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After viral video, Syracuse lawmakers discuss youth and crime with new chief

Syracuse Police Department
Syracuse Police released bodycam footage of an incident that went viral recently, after police put an 8-year-old boy in the back of a police car after the boy allegedly stole chips from a nearby market

A viral video of Syracuse Police detaining an 8-year-old over some stolen chips led to a wide-ranging discussion from Syracuse Common Councilors Monday about youth and crime.

The story surrounding the viral video goes beyond how police handled a crying boy accused of taking some Doritos from a store. At its core, Council President Helen Hudson said it exemplifies the trauma so many residents of Syracuse live with.

“Everybody in the city of Syracuse is suffering from the same types of actions, reactions, trauma,” Hudson said. “We gotta start looking deeper into what we’re dealing with. Yeah, you snatch me by my collar you’d get a fight out of me because, again, we don’t know what’s gonna trigger somebody. So we need to be more conscious of how we’re handling people."

Police say the youth, who was not arrested, but taken to his home, has been involved in a number of petty crimes including stealing a bike.

“Is there any way that we can figure out when you officers are seeing younger kids that aren’t in family court, doing mischievous things, is there any way to get a list to get them the help and support they need?” Councilor Rasheada Caldwell asked Syracuse police Chief Joe Cecile.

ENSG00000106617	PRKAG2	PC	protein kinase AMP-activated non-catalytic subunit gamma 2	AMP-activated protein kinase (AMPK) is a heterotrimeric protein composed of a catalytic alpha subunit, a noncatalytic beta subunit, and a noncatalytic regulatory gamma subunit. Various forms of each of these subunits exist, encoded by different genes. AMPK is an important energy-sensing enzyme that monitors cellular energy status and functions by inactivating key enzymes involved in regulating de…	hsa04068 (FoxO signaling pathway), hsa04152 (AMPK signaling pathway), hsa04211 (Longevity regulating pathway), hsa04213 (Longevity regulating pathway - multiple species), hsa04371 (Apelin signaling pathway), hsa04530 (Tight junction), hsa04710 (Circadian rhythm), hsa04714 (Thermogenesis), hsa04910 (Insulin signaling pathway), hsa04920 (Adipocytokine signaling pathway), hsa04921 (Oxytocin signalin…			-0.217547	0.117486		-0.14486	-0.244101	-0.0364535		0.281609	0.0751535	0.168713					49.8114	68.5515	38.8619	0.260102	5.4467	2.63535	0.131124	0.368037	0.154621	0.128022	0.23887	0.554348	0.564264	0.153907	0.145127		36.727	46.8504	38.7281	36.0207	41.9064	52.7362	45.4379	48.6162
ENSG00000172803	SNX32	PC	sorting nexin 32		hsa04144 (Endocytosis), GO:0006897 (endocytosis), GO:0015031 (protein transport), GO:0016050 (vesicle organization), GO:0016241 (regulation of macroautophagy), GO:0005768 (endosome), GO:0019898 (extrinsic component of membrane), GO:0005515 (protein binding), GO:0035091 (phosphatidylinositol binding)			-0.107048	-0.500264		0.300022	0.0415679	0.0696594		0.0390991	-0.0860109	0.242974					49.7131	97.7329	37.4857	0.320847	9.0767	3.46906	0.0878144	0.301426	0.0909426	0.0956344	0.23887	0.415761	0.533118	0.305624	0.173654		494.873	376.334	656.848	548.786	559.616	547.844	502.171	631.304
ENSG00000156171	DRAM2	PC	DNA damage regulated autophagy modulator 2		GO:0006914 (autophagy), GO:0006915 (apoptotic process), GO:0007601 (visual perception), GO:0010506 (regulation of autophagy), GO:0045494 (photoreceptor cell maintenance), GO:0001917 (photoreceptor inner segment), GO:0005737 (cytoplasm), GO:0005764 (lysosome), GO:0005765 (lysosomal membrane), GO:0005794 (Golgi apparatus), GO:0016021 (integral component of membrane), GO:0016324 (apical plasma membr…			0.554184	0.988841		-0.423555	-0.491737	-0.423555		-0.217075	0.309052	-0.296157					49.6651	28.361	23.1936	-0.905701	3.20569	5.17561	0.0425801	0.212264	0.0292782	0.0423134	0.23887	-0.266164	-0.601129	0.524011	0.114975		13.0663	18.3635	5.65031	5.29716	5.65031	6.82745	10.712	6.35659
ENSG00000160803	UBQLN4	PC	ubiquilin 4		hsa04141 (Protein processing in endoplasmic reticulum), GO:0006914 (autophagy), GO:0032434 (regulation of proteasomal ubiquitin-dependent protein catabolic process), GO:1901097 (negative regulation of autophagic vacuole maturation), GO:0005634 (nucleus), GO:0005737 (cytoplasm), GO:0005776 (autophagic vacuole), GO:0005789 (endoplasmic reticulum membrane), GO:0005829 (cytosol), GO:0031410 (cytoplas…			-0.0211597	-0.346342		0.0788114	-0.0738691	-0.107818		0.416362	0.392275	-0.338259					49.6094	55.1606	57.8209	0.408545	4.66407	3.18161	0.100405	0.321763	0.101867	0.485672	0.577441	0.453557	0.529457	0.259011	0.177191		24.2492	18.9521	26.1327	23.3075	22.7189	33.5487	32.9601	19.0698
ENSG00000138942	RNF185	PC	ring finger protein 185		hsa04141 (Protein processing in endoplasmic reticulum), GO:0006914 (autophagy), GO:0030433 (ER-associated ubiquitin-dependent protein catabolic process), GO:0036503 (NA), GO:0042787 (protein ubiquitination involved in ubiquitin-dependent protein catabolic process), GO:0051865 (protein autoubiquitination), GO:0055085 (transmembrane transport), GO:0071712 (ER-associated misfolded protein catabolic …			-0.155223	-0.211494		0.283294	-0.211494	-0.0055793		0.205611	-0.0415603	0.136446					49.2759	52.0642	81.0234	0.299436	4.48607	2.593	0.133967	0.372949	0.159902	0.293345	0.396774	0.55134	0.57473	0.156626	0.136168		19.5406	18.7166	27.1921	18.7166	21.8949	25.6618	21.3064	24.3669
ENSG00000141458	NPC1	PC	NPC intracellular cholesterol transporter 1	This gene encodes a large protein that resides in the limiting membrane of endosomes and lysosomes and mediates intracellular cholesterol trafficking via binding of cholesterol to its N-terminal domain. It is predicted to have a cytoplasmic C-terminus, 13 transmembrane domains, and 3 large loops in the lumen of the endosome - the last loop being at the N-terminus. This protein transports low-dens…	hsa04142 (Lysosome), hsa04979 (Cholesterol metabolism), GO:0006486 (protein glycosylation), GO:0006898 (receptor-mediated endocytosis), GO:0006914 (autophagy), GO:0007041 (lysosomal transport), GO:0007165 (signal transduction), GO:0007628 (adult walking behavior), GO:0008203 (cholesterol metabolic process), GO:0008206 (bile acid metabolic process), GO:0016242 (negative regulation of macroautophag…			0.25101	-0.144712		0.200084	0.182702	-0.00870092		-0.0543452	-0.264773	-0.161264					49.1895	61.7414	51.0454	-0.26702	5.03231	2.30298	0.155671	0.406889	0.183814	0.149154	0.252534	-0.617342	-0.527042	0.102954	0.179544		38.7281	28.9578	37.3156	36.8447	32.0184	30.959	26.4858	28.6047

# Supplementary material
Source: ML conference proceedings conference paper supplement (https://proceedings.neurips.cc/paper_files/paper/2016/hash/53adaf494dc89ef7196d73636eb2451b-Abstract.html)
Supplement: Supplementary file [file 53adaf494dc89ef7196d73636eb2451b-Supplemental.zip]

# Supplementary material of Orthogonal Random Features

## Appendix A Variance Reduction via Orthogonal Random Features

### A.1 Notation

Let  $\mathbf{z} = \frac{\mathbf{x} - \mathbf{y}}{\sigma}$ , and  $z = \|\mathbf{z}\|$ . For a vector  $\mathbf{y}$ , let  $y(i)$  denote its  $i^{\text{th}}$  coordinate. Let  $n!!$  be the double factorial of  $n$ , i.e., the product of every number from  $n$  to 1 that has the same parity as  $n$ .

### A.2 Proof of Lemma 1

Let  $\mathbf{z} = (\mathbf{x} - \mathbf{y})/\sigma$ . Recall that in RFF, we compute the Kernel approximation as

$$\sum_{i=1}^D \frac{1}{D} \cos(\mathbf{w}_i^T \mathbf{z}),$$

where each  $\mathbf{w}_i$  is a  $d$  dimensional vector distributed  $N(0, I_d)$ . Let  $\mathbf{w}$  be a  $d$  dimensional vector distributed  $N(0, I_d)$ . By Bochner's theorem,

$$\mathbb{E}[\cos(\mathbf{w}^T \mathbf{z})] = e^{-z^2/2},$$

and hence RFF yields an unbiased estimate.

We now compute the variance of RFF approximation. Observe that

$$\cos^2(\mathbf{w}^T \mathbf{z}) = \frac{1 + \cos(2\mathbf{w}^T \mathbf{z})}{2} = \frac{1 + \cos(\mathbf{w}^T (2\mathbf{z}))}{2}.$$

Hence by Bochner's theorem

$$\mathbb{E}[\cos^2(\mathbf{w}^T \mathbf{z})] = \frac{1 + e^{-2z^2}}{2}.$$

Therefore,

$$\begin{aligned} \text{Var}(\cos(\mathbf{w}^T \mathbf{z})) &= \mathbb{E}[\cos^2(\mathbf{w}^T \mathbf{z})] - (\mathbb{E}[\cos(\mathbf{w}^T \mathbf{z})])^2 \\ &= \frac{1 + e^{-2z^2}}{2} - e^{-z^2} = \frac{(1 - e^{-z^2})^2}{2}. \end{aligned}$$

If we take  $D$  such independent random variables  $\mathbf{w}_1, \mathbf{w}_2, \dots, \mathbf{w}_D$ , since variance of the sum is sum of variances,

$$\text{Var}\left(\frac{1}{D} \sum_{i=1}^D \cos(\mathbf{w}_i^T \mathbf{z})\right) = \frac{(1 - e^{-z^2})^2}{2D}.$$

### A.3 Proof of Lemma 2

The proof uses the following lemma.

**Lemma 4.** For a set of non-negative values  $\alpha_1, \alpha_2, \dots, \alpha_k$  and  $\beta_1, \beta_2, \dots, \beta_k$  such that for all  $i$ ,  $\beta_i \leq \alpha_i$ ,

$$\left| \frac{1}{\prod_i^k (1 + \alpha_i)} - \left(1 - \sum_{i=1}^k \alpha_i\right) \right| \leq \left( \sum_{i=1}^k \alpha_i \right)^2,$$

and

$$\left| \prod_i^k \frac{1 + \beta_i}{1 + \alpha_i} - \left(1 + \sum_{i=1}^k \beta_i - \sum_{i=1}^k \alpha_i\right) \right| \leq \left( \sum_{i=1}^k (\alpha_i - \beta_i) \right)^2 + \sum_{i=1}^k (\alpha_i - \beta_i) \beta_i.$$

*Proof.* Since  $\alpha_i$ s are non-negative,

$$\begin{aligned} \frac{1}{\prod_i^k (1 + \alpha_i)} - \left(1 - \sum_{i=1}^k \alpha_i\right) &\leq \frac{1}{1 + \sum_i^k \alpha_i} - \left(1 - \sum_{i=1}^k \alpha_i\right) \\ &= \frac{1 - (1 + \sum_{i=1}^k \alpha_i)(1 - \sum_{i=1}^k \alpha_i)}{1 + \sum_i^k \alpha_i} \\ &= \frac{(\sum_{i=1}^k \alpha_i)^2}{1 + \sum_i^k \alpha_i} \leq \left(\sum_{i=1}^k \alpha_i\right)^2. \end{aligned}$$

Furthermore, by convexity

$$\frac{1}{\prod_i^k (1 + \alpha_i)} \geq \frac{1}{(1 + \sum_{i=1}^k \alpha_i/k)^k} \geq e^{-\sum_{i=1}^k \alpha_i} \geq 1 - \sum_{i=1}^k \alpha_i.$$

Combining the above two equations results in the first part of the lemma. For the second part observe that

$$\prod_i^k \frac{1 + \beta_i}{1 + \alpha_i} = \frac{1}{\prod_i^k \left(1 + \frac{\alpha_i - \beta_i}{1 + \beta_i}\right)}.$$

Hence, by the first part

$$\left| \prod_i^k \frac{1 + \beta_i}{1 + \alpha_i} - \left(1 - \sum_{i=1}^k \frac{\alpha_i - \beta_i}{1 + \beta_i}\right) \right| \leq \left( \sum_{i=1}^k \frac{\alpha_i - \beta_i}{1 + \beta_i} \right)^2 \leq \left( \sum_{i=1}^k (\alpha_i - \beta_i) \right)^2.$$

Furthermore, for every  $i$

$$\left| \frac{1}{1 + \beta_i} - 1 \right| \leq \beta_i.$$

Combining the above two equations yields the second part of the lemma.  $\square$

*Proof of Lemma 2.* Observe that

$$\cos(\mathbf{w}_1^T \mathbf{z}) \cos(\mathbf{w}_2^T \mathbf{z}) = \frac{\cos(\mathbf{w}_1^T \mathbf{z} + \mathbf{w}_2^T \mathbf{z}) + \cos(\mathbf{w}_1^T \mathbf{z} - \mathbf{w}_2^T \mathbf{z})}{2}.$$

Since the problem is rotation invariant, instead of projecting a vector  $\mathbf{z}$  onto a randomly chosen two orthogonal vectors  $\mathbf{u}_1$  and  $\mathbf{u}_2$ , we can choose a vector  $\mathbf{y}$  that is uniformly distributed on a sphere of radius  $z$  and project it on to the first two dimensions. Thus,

Maybe, said Cecile.

"We would love to give the names out to service providers to put that person on the right path,” he said. “We’ll look into that, and if it’s something we can do, we’ll do it."

However, there are privacy issues at work here that often prevent police from sharing names of children to agencies. Other answers could include extending the template for dealing with mental health calls to police to youth. Deputy Mayor Sharon Owens said the city needs to do research on that. But ultimately, she believes the problem is not about children, but the adults.

“This is the hard part of the conversation that no one wants to talk about. It is also the adults being held accountable for the children they have birthed into this world,” said Owens. “As an adult, if you don’t have the capacity or support you need, that’s where we come in as municipalities, as officials to help support you."

With a layered, complicated issue like this, Caldwell agrees the adults must take the lead.

"I blame myself and the whole community, not for not just this young boy, but everything else that’s going on,” said Caldwell. “We’ve got to make this better and I know we can."